There are some minor issues using the lens with the included hood. When collapsed the hood is very close to the aperture ring and is quite a bit wider, interfering with its use. The issue is exasperated by the stickiness of the rubber. Extending the hood eliminates the problem, but the 40 year old material isn’t as flexible as it probably used to be. Folding the hood out takes a slight bit of fiddling, something you don’t always have time with. As a consequence I tend to leave the hood extended or more often – remove it altogether, opting for an aftermarket cap instead.

 

Image quality

While the Summicron-C doesn’t quite perform on the level of more modern benchmark lenses, the overall image quality and rendering is very pleasant. It’s impressive for its size and specifications and compares well to similar options.

Rendition characteristics similar to contemporary Leica lenses are also clear. The smooth sharpness, good colour separation and pleasant overall character can be recognised from for instance the Summicron 50, but is not at quite the same level of sophistication.

Simple coatings means more issues with loss of contrast and flare. The compact, symmetrical design can be an issue on digital bodies, depending on sensor filter stack (see In Use section).

Resolution & contrast

Resolution is high already wide open. Definition drops slightly towards the edges and is poor in the deep corners. Micro contrast is moderate wide open but improves stopping down. Spherical aberration lowers mid level contrast wide open and gives a gentle glow, especially towards the corners. Global contrast is well balanced with good retention of detail in the mid tones.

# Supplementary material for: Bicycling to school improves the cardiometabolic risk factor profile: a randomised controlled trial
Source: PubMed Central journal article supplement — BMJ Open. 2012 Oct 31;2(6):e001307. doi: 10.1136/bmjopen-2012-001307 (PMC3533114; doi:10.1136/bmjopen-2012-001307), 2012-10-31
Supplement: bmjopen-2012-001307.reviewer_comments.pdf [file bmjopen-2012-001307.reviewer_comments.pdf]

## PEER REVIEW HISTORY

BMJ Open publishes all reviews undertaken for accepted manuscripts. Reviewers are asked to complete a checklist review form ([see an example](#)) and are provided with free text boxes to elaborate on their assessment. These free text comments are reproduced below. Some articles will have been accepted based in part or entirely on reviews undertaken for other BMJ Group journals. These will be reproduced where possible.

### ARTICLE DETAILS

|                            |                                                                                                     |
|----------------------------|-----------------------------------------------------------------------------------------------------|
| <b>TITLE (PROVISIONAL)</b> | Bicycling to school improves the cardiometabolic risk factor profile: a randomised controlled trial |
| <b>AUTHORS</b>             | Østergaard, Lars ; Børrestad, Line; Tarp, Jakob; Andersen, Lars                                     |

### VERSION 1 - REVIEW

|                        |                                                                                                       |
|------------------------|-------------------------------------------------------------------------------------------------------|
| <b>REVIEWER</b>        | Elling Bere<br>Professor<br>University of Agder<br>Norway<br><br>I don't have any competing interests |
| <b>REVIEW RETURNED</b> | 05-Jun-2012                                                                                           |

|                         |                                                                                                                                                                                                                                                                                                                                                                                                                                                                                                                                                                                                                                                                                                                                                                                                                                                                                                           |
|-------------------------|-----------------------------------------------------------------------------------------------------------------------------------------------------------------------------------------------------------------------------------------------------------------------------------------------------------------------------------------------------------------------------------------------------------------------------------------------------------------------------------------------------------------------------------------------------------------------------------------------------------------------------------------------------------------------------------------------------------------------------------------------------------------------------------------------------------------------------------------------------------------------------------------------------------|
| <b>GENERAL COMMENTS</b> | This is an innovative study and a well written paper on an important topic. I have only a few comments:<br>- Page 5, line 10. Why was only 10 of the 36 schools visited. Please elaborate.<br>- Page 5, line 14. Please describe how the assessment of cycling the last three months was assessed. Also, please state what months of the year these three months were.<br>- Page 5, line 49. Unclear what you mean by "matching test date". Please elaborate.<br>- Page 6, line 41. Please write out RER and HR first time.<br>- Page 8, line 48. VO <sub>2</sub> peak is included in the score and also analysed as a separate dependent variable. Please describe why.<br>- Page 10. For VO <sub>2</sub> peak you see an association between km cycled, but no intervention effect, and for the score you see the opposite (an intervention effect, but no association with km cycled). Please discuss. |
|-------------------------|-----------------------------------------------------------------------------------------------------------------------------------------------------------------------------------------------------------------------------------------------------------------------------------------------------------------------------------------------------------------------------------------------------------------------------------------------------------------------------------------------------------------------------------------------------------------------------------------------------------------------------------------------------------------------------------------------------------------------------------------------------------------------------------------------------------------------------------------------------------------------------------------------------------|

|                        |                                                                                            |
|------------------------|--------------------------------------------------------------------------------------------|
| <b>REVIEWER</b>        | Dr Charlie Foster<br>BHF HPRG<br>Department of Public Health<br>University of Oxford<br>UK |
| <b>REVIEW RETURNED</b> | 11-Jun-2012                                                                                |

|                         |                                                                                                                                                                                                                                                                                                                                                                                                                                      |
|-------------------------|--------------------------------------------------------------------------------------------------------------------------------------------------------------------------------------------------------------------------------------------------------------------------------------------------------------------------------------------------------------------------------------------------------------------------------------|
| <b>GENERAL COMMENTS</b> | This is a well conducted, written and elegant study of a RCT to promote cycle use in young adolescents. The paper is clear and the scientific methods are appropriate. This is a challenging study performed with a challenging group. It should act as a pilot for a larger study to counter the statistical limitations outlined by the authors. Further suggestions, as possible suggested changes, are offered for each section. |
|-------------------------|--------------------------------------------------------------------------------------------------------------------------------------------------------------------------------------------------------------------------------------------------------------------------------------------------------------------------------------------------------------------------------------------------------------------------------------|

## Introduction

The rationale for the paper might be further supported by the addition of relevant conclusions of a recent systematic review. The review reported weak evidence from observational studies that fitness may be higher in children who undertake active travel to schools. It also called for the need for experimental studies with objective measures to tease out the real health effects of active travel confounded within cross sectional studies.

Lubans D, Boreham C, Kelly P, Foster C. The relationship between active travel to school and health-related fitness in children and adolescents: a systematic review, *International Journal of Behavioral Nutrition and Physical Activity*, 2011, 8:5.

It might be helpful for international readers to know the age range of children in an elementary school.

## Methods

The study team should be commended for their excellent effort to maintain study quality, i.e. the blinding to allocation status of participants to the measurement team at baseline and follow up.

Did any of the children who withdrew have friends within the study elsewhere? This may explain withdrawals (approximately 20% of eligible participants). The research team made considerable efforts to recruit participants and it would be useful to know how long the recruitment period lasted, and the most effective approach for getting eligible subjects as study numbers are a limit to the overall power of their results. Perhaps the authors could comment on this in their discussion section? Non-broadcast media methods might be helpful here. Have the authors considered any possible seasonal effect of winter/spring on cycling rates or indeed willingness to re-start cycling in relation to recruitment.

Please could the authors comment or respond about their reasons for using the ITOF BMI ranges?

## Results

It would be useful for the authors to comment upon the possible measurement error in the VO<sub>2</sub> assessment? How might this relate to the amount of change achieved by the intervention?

Stopping down rapidly improves resolution and contrast uniformly across the frame, f/4 resulting in very good performance in all but the deep corners and f/8 being quite impressive with very even performance across the frame. Not all compact, high speed lenses improve to this level stopping down.

Characteristics are retained at both near and far distances.

Colour

Colors are delicate and natural with impressive separation between tones. A very pleasant palette overall.

Bokeh & transitions

While 40/2 does not result in razor thin depth of field, there’s plenty of separation. Bokeh is poor, especially in challenging conditions – wide open it shows high contrast and sharp edged highlights. Stopping down improves smoothness — f/2.8 gives good balance between separation, resolution and bokeh.

Aberrations

There’s almost no distortion – a very slight barrel shaped curvature can be measured but is rarely visible.

The lens is single coated, making it prone to flare issues. In challenging light conditions such as inclined light or high contrast scenes almost every deviation imaginable can be seen in to some extent. Veiling and resulting loss of contrast is common when the sun is in the outer perimeter or just outside the frame, when light hits the front element at an angle. Glare is mostly visible in vicinity to strong light but the opposite side of the frame is sometimes also affected. Ghosting can be seen as well as major streaking. Most of these issues can be reduced slightly by using the hood, but not circumvented completely. I wouldn’t necessarily call it a poor performer since most aberrations are moderate in severity. Due to the diversity and variety of the problems, it’s slightly tricky to learn every pitfall and how to avoid them. Compared to other Leica lenses of the same age, performance is similar. Newer lenses are better. Compared to other older lenses by most manufacturers, the performance is better.

Vignetting is visible but fairly low, as is chromatic aberration. There’s pronounced coma making the lens poor for nightscapes. Sunstars have 10 points stopped down. There’s no focus shift.

Overall rendering